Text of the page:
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How to write a damn realistic dialogue?

Discussion in 'Writing Discussions' started by Writer’s_Magic, Apr 6, 2018.

  1. What’s a realistic dialogue? Or better say: What to avoid for a real dialogue? I often read you shouldn’t write things like "err" or something similar. You shouldn’t be too formal. Or don’t be clear with information. But why?
    I mean if I have a guy who is very polite or who got a good breeding. Why shouldn’t I use “err” when I have an extremely nervous girl who wanna flirt with her crush—and uses “err” because she doesn’t find the right words?
    So, what’s in your opinion for a real dialogue?
  2. CupofJoe

    CupofJoe Myth Weaver

    Actually listen to what people say and then try to write it down verbatim. It looks terrible and is almost impossible to read. There are breaks, run on sentences, people interrupting each other, pauses, mistakes and a lot of other things... It's a mess.
    So don't write it.
    I think of good dialogue is what you wish you had said after you had the conversation. Think what you you say if you got a chance to re-run the argument or discussion and get things right.
    You can add the errs and ums in if it adds to the character [like a nervous girl or a liar trying to remember what he said last time] but not if they don't add and especially not if they hinder the reading and understanding of what is going on.
    Okay, I know it is not the same as a novel, but I watch a lot of TV and I think Aaron Sorkin writes the best dialogue. I've even tried to transcribe what he has dome to see how he does it. Jane Espenson is right up there too.
  3. CupofJoeCupofJoe Don’t worry for your tips! It’s more a present for me. I am interested in screenplay writing, too. So, it’s not such a big dilemma.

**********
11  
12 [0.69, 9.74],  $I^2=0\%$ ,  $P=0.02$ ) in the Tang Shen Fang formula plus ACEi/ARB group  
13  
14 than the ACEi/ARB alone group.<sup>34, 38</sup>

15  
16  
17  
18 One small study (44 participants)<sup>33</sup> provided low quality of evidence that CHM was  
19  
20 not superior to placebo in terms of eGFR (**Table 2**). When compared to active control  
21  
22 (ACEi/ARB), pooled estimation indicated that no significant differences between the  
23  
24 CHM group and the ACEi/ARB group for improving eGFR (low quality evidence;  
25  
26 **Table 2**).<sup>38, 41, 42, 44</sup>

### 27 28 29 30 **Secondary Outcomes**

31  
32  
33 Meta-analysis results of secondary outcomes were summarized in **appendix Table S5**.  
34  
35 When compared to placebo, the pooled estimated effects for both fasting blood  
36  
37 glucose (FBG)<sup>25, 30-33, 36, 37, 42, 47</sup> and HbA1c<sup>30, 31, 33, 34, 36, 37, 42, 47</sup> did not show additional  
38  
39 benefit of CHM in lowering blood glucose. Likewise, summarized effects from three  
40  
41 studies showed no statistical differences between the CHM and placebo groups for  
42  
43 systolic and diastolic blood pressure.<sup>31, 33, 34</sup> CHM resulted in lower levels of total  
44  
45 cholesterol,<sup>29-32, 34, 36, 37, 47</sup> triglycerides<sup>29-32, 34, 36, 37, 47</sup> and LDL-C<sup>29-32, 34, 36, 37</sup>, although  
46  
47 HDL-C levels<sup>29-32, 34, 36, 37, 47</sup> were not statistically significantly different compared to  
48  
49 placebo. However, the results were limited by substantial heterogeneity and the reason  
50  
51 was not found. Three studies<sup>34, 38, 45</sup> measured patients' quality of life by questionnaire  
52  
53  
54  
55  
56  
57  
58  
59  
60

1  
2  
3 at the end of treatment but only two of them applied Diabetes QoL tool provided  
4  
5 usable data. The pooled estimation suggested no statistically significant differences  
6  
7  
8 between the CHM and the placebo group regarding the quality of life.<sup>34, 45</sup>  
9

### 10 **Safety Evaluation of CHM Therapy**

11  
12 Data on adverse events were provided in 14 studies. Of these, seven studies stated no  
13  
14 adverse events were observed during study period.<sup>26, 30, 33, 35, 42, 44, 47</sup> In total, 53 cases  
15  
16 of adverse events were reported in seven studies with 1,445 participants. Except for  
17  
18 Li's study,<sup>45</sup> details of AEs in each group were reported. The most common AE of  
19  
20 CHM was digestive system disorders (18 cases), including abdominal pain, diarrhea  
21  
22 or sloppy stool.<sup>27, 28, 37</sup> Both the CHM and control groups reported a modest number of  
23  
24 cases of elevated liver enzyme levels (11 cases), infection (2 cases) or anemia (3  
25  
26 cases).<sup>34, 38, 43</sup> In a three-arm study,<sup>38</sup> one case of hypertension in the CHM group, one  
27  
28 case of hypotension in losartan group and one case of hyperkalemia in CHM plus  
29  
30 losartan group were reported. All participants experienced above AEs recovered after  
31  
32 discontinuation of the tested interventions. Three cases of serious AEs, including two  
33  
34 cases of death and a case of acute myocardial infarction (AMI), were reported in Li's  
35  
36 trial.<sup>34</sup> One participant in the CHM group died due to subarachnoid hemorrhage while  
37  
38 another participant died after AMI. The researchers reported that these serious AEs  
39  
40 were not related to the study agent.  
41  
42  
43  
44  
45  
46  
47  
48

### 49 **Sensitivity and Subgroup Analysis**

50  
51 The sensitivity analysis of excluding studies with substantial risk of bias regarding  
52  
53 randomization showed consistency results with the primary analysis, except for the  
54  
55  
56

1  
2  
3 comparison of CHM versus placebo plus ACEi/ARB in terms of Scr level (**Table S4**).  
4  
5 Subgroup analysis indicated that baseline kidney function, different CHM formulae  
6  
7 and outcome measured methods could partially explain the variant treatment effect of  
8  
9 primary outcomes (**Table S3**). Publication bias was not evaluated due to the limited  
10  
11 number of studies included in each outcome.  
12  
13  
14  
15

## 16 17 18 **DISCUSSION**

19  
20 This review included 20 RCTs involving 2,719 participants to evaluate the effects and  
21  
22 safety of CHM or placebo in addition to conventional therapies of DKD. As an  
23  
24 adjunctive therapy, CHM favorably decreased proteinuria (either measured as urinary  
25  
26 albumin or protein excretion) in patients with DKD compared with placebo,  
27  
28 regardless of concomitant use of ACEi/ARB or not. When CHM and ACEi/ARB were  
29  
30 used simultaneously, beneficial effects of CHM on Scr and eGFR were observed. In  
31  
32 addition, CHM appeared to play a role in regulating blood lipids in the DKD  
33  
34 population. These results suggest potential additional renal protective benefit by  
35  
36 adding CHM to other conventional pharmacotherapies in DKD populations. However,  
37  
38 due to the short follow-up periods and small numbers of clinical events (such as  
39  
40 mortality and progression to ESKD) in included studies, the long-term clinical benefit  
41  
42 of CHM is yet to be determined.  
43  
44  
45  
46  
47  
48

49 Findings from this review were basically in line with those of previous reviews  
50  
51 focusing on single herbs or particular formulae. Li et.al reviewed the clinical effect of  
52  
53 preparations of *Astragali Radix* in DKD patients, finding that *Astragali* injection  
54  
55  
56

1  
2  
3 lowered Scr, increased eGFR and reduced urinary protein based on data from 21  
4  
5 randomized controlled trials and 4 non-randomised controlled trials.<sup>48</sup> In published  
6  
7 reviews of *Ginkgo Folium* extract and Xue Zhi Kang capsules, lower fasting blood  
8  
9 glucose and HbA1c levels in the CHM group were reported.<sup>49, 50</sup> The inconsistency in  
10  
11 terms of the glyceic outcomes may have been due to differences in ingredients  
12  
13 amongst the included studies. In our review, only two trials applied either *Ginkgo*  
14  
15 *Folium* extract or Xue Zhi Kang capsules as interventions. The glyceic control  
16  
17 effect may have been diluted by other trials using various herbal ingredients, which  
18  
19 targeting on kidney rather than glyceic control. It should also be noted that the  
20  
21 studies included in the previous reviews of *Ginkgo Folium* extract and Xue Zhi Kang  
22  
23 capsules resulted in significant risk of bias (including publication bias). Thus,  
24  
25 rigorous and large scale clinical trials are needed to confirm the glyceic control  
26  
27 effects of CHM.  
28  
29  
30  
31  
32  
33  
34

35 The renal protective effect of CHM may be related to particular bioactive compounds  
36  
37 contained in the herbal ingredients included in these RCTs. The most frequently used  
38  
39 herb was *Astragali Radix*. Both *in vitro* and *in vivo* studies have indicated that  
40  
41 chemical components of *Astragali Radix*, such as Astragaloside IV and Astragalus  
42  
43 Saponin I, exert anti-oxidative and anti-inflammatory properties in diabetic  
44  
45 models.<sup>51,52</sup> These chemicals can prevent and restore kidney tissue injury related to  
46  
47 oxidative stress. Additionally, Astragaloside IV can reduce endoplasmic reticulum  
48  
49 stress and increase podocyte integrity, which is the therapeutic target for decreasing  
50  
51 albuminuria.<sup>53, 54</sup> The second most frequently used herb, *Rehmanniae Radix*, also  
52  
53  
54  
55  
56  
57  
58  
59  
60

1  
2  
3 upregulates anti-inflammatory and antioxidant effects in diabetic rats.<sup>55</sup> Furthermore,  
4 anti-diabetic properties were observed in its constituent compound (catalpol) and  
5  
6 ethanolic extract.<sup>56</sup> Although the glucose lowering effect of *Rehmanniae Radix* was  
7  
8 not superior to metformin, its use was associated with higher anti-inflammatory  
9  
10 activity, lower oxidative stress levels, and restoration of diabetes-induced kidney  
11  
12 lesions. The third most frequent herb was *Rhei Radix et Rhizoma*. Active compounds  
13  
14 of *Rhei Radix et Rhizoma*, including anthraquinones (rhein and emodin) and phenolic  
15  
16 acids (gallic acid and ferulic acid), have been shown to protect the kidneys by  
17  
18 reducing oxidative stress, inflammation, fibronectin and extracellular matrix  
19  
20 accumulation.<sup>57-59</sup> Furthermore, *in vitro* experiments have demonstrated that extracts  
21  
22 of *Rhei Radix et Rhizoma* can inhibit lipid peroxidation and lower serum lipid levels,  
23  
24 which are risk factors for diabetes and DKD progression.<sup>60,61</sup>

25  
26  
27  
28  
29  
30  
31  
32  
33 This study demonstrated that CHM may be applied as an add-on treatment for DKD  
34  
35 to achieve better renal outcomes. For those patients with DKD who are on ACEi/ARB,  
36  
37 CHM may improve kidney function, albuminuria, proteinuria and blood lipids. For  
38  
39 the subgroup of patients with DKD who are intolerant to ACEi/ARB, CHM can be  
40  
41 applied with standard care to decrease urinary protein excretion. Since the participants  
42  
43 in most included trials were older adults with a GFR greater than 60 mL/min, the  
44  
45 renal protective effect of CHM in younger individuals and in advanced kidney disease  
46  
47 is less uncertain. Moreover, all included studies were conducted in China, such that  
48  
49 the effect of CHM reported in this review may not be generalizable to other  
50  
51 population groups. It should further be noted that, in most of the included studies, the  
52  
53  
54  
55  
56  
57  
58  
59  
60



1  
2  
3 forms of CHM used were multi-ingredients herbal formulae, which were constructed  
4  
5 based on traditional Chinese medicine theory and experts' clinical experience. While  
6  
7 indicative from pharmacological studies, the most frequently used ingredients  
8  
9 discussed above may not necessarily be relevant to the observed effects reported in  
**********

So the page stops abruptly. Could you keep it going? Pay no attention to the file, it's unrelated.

4. Demesnedenoir

    Demesnedenoir Istar

    Study screenwriting to learn dialogue. That’s my opinion. Watching tvs and movies can a bit tricky for learning dialogue because there’s often a batte between was it a horrible line? Or a line horribly delivered? Was it a last second splice in a hurried edit? DeNiro might take a crap line and make it work, while a Will Ferrel shooting for drama might gag it down like fresh slurry from a bass-o-matic.

    On the nose dialogue works best in tense situations and/or with flipped expectations, but otherwise subtext is king.

    A great example of on the nose dialogue working is: No, Mr. Bond, I expect you to die.

    And yet, it is such a twist from the expected it’s great. A bad ass line. Dirty Harry’s “do I feel lucky” scene, for instance.

    Way too many writers use on the nose for expostiion and moving the plot without subtext.
  5. skip.knox

    skip.knox toujours gai, archie Moderator

    It seems odd to say this at Mythic Scribes, but ...

    realism is overrated.

    Write what sounds right to you. You have to start there because you cannot start anywhere else. Once you've written two or three complete stories (short or long), then get feedback on the stories. If the dialog is off, your readers will let you know.
    TheCrystallineEntity and pmmg like this.
  6. With dialogue, I find I never get it right the first time. If I'm struggling, at worse I just write the dialogue so it's on the page and then I come back to it after it's had some time to fester on the page. After a few look overs, I then start to craft it. Eventually, it will work together.
    kyrrimar likes this.
  7. Chessie2

    Chessie2 Staff Article Team

    One trick I've learned is to (typically) not answer the dialogue that came before. Every character has an intention when going into a scene and the dialogue they speak will reflect that reality. Also, adding movement, action, making it clear that characters aren't in space (unless they are lol) when they are talking will help you get the flow it down immensely. I'll share this resource with you: https://www.amazon.com/Crafting-Dyn...d=1523630516&sr=8-4&keywords=writing+dialogue